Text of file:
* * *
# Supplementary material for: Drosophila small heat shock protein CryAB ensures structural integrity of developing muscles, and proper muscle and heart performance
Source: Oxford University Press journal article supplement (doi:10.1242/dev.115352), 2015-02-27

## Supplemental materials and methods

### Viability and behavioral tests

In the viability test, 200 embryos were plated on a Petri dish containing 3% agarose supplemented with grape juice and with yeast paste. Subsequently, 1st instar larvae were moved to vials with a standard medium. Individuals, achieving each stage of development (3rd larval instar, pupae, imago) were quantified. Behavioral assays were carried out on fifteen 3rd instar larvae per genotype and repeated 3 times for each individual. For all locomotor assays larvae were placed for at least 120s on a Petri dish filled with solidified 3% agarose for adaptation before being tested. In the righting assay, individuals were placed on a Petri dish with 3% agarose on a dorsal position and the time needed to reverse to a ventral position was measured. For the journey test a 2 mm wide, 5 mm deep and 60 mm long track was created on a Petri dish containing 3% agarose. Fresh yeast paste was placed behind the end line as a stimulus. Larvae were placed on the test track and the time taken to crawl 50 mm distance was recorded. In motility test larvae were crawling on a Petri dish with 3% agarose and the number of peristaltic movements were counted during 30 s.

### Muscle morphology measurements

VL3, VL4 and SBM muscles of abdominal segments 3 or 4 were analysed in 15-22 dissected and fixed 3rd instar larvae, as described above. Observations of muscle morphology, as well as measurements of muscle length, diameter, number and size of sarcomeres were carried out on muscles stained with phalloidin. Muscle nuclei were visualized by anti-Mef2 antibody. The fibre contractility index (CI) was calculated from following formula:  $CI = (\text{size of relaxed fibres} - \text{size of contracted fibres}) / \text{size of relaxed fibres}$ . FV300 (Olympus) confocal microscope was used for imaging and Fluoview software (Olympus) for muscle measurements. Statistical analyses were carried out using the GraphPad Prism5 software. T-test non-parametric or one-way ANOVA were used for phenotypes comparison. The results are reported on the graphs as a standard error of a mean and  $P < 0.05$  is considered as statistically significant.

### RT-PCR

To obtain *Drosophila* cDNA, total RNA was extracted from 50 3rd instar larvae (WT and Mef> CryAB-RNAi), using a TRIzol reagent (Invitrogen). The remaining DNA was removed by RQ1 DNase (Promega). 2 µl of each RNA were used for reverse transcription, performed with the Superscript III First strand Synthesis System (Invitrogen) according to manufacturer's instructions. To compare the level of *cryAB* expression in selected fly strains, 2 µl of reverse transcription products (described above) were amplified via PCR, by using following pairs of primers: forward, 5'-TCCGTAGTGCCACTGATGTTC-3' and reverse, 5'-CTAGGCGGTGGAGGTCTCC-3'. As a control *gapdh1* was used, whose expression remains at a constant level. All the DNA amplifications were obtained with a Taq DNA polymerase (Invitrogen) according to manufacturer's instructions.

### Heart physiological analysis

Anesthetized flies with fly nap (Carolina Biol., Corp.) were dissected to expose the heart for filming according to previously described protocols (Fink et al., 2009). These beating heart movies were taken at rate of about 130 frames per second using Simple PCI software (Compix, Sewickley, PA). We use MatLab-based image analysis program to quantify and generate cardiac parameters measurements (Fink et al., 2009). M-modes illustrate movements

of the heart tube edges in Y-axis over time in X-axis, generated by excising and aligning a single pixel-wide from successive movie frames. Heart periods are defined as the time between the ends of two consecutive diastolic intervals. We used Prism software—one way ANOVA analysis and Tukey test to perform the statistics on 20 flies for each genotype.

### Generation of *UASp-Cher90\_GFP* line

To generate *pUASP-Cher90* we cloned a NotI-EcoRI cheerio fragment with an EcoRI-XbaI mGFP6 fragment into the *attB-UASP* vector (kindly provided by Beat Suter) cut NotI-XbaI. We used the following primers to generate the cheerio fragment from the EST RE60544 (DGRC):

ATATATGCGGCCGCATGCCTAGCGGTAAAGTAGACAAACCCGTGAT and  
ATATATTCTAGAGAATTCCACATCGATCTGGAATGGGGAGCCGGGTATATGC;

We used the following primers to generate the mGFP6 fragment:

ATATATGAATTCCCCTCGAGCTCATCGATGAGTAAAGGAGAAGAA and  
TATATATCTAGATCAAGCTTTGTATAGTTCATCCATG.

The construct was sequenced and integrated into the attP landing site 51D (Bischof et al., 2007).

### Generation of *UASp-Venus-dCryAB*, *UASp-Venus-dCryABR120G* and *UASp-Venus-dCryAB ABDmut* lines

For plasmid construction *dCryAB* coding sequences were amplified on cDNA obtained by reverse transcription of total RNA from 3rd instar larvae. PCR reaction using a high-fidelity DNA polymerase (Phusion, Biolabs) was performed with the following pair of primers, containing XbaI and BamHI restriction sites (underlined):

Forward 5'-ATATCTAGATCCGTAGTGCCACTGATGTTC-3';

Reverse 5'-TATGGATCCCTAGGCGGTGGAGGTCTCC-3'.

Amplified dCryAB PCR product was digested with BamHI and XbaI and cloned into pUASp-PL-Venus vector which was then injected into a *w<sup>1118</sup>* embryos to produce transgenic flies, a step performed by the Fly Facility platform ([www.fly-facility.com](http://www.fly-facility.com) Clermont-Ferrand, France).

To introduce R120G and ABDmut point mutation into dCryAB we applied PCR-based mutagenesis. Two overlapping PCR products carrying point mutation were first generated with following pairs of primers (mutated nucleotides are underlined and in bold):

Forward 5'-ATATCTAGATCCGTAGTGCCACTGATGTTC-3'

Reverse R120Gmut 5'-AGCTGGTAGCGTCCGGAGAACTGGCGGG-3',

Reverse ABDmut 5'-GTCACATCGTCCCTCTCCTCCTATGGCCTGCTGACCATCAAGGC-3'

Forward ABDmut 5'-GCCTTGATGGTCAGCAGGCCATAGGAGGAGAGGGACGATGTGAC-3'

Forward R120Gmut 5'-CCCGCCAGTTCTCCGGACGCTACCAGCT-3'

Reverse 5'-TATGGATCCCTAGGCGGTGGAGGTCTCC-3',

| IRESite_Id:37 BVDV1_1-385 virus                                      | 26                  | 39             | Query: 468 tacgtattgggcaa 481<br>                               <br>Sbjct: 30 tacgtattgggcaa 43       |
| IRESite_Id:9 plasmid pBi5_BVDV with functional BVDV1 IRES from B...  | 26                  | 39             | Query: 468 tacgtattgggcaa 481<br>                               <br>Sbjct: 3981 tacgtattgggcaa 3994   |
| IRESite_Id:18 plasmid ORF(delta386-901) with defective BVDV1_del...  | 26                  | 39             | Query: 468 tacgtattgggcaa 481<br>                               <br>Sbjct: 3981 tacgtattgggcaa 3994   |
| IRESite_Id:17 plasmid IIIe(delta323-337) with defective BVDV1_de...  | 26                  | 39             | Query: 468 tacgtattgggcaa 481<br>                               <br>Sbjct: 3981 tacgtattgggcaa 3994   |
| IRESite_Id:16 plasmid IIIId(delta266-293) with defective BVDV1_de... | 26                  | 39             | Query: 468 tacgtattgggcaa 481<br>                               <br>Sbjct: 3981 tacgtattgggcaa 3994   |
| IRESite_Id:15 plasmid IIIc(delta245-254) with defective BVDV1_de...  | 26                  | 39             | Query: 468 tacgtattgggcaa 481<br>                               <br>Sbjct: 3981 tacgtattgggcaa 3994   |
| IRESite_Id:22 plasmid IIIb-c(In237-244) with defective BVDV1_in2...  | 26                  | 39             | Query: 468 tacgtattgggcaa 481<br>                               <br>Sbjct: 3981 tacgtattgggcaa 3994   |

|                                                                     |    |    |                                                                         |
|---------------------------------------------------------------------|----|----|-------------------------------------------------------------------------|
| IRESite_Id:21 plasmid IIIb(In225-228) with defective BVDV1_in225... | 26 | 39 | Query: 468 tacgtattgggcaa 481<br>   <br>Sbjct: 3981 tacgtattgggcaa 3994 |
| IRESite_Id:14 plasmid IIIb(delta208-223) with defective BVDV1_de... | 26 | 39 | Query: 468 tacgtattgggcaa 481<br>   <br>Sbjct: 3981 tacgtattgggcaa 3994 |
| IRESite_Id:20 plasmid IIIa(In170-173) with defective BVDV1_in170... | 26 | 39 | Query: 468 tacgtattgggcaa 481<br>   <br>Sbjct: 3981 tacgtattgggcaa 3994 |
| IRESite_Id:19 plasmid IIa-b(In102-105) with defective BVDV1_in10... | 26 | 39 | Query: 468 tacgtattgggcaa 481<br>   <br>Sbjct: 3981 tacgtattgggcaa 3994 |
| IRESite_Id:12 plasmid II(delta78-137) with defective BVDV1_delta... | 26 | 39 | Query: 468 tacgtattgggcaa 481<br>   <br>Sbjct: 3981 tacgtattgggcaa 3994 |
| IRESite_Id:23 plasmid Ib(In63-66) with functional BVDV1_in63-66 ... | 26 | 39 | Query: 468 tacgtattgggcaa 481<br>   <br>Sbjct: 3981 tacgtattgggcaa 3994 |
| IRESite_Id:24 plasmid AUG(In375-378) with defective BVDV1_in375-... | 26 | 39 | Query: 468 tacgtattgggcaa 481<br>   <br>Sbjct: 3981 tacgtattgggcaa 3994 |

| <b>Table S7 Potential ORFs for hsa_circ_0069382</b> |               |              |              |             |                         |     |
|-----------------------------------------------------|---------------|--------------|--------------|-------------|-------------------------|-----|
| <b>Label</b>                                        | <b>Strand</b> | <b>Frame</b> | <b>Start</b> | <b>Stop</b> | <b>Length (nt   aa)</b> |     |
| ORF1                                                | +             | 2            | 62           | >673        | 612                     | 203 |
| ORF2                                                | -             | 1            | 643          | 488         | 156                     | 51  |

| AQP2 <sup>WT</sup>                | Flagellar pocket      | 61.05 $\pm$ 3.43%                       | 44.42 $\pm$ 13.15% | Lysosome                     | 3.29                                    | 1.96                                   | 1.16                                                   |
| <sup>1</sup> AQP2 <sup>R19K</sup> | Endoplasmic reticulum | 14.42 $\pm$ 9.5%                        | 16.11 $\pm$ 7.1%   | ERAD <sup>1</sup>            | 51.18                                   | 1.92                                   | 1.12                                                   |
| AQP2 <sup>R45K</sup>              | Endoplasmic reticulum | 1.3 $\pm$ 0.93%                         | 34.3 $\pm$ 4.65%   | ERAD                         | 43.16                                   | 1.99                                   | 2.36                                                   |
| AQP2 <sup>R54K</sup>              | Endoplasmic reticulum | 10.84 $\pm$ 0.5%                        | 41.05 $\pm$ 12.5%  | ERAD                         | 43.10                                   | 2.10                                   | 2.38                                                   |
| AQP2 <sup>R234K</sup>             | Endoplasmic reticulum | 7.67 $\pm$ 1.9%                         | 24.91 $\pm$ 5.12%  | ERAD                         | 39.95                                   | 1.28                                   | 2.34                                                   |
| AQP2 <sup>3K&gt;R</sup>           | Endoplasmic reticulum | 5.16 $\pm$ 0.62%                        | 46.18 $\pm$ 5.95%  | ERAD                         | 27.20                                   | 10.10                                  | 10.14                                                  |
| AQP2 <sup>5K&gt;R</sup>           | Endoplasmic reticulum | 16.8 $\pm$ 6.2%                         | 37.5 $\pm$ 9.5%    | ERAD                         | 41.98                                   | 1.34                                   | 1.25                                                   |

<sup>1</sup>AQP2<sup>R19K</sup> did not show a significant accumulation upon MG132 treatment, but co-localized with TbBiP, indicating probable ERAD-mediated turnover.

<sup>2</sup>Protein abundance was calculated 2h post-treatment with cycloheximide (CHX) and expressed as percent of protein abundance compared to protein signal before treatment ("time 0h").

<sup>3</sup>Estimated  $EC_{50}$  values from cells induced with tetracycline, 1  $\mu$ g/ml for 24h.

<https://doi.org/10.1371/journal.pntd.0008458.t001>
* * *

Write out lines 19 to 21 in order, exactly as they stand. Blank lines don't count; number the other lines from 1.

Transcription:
TATATATCTAGATCAAGCTTTGTATAGTTCATCCATG.

The construct was sequenced and integrated into the attP landing site 51D (Bischof et al., 2007).

### Generation of *UASp-Venus-dCryAB*, *UASp-Venus-dCryABR120G* and *UASp-Venus-dCryAB ABDmut* lines